Nearly absent from much of Michigan due to the effects of DDT, other pesticides and habitat loss, Michigan’s osprey population continues to rebound. In southern Michigan, monitoring efforts are in place to track the revitalization of this species.
This year, four osprey chicks from area nests were outfitted with “backpack” GPS telemetry units, funded by Huron Valley Audubon with donations from DTE Energy and a private donor. The GPS backpacks will help scientists track the young birds’ daily movements and seasonal migration patterns.
The chicks were hatched on platforms at Kensington Metropark, Pointe Mouillee State Game Area and the Strong Unit of the Detroit International Wildlife Refuge and on a cellular tower in Milford. Crews from MD Tower Services, Newkirk-Electric and Earthcom Inc. climbed the towers in order to access the chicks for both banding and transmitter deployment. Brad Pieczarka also assisted with climbing.
“We are very excited to have this opportunity to place GPS units on several ospreys this year,” said Julie Oakes, a Department of Natural Resources wildlife biologist. “This will not only provide the DNR with information on what migration routes the birds take, but also will give us insight into what perils they must endure on their migration.”
Four osprey chicks were outfitted with backpacks in 2015. Unfortunately, all four chicks with backpacks perished. Approximately 60 percent of the osprey chicks hatched each year do not make it to their second birthday. Factors that commonly cause mortality in young chicks include predation by great horned owls, collisions with buildings and other structures, weather-related mortality and shooting of birds in Latin America.
Fortunately, a chick that was outfitted with a backpack in 2014 has returned to the Midwest. Ozzie, a young female chick that hatched at Pointe Mouillee State Game Area, spent two winters in Colombia before returning to the U.S. and is now in West Virginia.
Ozzie has traveled over 2,000 miles in the past few months on her journey northward. She has visited Colombia, Mexico, Panama and Orlando, Florida, and is slowly moving north. She will hopefully find a mate and raise her own family next year and possibly will even decide to come back to Michigan.
The exciting part is that anyone can follow along and find out where the birds have been just by looking at the Michigan Osprey website, www.michiganosprey.org. Move the cursor along the route to see GPS coordinates and time and date information for each leg of the osprey’s journey. The youngsters will begin their migration in early to mid-September, so log on to watch their journey.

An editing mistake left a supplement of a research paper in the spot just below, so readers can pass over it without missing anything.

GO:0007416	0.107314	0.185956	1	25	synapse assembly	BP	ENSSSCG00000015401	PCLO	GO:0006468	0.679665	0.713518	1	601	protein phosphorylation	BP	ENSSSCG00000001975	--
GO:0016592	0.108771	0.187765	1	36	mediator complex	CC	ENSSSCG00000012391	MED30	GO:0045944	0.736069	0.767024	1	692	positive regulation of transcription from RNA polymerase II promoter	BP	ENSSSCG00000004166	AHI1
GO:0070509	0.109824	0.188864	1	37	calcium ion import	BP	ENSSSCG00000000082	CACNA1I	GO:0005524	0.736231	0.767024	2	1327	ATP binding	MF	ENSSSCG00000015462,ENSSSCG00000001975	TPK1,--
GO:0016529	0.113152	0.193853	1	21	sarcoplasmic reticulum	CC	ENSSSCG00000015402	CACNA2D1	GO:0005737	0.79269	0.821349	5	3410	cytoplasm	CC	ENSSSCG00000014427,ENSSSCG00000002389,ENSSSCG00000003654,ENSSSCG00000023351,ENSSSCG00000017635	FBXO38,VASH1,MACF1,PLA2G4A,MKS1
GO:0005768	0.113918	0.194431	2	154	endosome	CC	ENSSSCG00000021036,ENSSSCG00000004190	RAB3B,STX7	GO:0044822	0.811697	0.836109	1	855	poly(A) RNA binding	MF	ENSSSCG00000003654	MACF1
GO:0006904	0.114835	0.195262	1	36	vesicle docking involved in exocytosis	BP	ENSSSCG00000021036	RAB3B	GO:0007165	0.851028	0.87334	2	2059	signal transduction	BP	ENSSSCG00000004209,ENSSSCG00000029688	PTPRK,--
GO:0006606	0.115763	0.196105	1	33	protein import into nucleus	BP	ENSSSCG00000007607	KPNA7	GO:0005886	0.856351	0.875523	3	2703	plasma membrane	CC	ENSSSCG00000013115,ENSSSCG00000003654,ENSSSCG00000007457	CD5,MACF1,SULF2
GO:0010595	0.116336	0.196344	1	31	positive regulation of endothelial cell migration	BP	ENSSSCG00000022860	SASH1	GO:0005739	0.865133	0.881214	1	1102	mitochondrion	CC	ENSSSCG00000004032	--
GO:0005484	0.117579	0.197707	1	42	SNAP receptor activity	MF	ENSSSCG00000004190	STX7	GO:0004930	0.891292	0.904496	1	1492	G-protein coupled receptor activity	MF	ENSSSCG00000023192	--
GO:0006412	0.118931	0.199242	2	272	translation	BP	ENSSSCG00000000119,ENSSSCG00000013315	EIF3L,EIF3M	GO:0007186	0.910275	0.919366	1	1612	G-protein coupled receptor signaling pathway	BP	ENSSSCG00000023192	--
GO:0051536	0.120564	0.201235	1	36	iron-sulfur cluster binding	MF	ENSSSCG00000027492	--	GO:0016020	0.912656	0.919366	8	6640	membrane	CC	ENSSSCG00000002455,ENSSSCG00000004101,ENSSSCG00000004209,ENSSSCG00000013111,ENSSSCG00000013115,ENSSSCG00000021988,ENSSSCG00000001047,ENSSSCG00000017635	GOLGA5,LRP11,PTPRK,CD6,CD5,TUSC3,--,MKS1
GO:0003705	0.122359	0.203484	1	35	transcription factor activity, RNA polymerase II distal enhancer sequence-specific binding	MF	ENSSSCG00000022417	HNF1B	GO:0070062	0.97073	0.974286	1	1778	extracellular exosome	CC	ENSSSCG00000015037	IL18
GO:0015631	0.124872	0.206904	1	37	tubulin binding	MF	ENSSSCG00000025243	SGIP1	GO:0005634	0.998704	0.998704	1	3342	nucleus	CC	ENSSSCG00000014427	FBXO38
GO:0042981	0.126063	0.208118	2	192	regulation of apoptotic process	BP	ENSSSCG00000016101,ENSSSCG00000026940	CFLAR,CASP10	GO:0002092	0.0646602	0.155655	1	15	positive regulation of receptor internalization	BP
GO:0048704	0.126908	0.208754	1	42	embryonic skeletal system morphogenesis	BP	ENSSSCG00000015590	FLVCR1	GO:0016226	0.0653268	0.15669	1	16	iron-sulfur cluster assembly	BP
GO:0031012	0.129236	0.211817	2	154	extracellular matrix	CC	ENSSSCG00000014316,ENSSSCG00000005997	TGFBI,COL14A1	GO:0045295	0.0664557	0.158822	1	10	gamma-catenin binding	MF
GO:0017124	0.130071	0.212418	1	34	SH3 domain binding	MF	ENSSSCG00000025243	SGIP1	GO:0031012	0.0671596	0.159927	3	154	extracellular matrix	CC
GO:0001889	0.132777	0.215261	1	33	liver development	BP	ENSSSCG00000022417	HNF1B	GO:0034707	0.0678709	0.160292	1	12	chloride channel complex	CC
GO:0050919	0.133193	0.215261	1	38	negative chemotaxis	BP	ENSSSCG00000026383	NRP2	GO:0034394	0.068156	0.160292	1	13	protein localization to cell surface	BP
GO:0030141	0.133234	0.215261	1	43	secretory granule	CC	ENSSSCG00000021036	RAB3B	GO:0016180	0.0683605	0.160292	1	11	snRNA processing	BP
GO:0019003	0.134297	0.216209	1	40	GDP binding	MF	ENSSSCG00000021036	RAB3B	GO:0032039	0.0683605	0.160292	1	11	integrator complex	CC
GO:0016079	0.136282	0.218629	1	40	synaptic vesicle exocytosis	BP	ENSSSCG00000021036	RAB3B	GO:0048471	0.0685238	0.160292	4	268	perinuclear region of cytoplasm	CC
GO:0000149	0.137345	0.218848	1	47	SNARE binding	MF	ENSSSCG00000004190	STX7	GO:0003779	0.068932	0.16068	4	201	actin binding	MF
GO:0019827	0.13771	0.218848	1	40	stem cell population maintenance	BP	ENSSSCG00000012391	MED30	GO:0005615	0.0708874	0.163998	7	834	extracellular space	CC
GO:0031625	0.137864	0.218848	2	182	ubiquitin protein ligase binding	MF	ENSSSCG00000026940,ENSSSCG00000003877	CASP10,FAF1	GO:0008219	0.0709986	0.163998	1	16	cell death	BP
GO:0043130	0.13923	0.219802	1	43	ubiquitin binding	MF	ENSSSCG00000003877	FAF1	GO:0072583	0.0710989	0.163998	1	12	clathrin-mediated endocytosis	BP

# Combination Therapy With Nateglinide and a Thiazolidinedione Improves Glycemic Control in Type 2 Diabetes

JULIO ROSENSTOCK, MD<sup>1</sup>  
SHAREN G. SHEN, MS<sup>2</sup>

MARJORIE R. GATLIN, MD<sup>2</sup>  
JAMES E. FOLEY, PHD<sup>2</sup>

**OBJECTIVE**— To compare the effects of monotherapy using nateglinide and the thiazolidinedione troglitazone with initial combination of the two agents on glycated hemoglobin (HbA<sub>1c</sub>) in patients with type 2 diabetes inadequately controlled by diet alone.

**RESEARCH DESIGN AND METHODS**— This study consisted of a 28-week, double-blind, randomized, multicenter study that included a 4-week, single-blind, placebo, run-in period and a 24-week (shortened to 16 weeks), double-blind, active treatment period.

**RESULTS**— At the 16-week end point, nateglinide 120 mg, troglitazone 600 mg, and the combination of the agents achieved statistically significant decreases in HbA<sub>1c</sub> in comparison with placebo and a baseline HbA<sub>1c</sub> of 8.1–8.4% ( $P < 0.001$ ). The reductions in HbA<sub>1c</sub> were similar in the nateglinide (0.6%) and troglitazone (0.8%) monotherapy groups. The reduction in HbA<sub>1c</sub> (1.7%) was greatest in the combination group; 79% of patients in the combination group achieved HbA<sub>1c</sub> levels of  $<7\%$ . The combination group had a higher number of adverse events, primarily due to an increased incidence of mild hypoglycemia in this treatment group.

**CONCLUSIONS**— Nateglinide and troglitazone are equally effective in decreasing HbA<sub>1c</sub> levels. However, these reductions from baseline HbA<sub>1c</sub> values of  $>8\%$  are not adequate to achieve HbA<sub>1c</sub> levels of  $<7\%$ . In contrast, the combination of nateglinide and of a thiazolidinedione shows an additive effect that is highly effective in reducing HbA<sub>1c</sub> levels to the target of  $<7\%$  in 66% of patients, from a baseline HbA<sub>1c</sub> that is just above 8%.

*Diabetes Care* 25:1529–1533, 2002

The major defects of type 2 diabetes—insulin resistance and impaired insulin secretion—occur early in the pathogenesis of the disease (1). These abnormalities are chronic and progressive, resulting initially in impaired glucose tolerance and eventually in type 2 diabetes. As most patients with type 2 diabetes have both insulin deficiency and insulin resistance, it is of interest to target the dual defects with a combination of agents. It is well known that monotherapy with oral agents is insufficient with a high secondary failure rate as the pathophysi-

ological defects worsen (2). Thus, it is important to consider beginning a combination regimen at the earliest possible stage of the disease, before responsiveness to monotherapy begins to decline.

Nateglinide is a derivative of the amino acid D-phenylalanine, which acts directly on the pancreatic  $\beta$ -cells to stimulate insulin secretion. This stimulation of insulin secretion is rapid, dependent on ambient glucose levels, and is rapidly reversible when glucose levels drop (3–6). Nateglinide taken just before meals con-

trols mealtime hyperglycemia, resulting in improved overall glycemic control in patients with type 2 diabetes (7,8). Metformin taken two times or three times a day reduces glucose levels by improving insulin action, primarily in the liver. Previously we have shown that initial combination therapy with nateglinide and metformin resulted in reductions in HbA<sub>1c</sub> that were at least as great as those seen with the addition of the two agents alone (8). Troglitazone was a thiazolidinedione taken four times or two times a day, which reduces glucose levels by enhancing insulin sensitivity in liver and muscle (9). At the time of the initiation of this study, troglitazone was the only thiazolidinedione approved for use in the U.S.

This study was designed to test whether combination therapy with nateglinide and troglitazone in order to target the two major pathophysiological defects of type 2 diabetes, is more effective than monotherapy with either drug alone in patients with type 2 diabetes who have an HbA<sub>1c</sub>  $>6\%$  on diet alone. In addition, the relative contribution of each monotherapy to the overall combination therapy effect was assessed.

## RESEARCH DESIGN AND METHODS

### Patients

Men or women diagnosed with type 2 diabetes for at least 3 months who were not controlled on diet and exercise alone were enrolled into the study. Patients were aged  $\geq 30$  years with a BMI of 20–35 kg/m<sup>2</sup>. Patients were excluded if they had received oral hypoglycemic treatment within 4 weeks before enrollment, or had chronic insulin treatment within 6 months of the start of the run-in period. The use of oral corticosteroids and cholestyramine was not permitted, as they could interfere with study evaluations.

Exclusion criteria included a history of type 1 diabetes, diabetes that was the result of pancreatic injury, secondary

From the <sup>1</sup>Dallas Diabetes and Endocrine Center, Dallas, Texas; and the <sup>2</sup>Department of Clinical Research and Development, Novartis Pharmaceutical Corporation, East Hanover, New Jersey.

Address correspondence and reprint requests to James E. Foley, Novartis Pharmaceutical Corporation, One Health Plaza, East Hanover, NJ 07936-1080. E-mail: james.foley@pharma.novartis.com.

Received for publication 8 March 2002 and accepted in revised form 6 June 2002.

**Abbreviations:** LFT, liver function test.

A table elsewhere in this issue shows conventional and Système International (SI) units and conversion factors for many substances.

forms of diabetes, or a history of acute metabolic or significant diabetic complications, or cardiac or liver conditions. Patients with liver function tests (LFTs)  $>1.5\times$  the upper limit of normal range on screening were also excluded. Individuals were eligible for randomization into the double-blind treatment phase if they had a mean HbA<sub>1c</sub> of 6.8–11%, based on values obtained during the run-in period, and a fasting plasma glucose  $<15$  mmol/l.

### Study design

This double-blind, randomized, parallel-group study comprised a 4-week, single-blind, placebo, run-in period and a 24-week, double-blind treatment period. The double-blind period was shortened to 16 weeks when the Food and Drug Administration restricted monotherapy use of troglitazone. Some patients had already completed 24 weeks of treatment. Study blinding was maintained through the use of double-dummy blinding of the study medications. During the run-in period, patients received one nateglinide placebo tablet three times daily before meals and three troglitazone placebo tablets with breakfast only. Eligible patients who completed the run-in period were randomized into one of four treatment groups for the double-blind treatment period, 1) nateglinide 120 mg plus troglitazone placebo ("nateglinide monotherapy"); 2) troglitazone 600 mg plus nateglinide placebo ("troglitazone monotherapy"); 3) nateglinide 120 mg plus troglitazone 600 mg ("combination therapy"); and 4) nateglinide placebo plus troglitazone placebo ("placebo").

In 1998, the DNR began to relocate ospreys to southern Michigan. The program, supported by donations to Michigan's Nongame Wildlife Fund, removed chicks from active nests in northern Michigan and reared them in man-made towers in southern Michigan, a process called “hacking.” Relocation efforts occurred over a span of 10 years. In 2015, the DNR, along with volunteers from Michigan Osprey, identified at least 60 active nests in southern Michigan – a substantial increase from the single active nest reported in 2002.
"This is a true wildlife success story," said Oakes. "Each year we have new nests, and we have already exceeded our original goal of 30 active nests by 2020. We have been able to remove ospreys from the threatened species list to a species of special concern and restore their numbers in Michigan."
Partners in this banding and monitoring project include the Michigan Department of Natural Resources, the U.S. Department of Agriculture Wildlife Services National Wildlife Research Center, Huron Clinton Metroparks, the Detroit Zoological Society, Michigan Osprey and the Huron Valley Audubon Society.
Anyone who observes a nesting pair of ospreys in southeast Michigan is asked to contact Michigan Osprey on the web at www.michiganosprey.org.